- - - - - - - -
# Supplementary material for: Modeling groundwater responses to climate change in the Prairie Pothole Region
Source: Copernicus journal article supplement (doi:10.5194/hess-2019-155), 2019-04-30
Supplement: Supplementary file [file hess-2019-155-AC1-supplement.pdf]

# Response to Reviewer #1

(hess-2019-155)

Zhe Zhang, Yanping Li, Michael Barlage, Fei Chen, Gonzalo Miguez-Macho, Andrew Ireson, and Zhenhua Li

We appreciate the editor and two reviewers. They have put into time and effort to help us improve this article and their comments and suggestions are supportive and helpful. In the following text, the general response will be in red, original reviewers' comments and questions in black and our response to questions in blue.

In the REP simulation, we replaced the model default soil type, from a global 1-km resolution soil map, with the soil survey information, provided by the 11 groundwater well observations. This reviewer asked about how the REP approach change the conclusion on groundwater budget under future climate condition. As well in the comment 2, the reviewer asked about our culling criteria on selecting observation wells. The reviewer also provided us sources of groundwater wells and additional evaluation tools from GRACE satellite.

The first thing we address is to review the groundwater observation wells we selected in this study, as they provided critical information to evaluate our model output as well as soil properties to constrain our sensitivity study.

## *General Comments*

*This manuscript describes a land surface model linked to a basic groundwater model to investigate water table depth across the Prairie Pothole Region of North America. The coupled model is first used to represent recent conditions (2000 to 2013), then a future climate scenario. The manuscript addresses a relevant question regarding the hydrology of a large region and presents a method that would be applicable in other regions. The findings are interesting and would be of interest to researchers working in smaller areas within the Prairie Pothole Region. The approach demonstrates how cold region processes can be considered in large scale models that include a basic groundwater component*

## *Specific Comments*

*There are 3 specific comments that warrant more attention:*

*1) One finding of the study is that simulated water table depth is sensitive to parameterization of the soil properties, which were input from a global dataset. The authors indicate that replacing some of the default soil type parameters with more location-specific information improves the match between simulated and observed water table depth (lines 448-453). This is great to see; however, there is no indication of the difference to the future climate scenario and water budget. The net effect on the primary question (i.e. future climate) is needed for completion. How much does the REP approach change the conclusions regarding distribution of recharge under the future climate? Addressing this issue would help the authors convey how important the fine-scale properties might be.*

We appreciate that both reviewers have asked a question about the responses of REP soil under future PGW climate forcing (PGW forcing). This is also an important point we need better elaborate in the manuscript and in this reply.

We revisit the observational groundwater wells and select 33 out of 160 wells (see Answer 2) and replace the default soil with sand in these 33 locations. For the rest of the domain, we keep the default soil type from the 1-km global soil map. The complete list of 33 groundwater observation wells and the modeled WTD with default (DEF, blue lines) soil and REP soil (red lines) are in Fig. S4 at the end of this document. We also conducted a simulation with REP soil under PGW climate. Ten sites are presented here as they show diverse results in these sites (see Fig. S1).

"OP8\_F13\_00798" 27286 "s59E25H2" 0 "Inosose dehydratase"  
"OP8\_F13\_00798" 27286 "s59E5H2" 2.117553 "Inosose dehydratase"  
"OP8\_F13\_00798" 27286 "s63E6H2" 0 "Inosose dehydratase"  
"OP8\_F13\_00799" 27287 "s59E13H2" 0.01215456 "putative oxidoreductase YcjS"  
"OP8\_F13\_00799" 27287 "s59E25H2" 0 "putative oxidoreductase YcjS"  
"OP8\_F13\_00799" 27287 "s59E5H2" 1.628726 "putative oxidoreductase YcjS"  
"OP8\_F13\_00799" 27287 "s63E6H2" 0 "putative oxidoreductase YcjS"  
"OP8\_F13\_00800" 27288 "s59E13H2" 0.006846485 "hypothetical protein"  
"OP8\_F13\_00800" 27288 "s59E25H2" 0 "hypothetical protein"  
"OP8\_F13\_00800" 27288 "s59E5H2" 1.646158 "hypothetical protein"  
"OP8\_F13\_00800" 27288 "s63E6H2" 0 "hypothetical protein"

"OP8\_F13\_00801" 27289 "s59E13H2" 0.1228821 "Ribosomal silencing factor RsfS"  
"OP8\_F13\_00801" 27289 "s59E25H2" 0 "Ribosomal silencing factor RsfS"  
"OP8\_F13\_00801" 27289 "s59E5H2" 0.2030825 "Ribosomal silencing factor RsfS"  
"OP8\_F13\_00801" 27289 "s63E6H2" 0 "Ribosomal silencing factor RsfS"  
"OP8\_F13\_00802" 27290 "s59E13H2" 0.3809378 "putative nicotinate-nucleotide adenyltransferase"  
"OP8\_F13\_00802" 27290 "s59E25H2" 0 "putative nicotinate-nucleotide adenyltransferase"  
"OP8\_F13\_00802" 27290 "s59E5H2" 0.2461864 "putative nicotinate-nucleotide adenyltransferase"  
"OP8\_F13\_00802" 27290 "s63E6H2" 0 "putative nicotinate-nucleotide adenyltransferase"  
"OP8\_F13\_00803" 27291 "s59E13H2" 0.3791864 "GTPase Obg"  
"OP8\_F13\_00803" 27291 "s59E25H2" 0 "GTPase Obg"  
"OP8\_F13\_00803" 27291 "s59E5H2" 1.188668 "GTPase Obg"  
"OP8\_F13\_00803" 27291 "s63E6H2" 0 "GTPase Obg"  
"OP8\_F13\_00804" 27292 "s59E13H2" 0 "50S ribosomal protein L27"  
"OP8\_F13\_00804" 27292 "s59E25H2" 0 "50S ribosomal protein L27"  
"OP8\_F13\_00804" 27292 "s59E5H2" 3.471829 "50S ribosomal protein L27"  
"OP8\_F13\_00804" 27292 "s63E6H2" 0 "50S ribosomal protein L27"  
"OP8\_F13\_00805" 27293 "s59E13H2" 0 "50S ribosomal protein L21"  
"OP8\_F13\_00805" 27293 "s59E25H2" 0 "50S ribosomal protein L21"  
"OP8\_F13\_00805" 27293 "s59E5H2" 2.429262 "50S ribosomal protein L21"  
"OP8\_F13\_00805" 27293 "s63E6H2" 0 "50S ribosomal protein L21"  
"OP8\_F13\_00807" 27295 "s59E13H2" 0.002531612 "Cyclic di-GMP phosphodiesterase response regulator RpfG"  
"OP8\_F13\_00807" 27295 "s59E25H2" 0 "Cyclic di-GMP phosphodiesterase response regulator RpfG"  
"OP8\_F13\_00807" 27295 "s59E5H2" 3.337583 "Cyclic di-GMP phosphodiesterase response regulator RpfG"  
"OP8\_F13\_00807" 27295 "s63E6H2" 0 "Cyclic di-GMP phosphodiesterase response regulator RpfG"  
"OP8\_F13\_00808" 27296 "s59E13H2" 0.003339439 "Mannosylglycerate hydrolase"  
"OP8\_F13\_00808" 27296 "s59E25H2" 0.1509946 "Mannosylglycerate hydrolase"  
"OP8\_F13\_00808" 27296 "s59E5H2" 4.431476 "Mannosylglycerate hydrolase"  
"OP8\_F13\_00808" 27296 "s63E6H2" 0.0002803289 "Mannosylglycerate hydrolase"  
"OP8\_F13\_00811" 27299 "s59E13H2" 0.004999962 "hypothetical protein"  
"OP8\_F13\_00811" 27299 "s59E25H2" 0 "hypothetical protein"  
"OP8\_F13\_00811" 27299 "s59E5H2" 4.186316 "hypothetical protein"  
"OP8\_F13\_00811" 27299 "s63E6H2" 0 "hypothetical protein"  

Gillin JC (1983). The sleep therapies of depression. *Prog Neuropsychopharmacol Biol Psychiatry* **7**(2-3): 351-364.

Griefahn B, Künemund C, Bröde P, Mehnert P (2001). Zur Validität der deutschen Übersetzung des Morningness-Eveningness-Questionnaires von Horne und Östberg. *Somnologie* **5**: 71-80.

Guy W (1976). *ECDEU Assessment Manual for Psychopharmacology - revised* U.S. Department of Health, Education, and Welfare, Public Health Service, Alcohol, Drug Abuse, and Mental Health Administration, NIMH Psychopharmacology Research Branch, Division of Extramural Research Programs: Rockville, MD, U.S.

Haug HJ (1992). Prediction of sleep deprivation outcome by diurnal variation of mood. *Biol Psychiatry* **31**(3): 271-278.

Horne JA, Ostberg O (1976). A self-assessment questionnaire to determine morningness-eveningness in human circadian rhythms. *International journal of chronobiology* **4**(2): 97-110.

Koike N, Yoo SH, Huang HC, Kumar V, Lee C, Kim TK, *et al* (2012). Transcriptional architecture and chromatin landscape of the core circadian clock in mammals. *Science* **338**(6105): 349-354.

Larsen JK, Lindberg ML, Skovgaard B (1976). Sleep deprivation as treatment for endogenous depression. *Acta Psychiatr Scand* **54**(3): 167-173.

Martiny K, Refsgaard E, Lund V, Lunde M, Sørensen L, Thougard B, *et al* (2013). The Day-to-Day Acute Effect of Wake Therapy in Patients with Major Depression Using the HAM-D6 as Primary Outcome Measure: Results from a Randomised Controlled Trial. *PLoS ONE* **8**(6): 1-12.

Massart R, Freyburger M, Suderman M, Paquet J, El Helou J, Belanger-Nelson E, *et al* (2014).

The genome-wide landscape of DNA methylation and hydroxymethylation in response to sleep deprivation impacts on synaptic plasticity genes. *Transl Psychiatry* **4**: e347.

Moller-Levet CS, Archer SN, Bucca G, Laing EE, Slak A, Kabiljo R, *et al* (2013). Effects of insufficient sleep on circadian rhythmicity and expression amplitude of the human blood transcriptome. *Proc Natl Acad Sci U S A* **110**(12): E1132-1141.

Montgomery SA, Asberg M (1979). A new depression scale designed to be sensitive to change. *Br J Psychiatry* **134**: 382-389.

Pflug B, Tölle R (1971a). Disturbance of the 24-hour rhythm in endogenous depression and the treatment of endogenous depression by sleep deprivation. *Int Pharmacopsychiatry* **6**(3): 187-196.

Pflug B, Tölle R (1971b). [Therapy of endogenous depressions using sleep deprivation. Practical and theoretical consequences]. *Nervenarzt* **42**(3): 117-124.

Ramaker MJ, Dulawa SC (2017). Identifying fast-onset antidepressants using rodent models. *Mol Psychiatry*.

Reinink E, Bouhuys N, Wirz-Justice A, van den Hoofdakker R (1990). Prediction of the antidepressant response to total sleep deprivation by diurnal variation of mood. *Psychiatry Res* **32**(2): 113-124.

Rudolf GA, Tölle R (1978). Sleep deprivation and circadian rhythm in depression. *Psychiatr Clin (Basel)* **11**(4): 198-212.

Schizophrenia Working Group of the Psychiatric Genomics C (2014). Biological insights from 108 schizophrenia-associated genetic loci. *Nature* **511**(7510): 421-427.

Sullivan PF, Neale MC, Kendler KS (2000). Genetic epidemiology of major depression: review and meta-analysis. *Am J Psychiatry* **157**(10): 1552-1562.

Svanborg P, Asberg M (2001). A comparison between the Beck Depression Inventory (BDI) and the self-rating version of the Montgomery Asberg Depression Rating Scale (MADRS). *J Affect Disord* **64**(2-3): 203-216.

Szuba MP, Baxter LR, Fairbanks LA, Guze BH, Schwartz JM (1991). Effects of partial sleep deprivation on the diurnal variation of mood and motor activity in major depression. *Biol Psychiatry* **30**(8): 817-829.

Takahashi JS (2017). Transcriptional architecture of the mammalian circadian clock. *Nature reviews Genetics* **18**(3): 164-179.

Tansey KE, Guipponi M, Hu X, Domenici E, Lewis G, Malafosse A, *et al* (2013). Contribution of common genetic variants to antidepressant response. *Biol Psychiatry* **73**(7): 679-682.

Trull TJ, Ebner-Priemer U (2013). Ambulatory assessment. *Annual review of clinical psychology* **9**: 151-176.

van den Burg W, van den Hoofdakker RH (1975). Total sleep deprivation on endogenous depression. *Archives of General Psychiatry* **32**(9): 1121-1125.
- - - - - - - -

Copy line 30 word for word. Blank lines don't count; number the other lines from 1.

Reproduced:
"OP8\_F13\_00801" 27289 "s59E5H2" 0.2030825 "Ribosomal silencing factor RsfS"  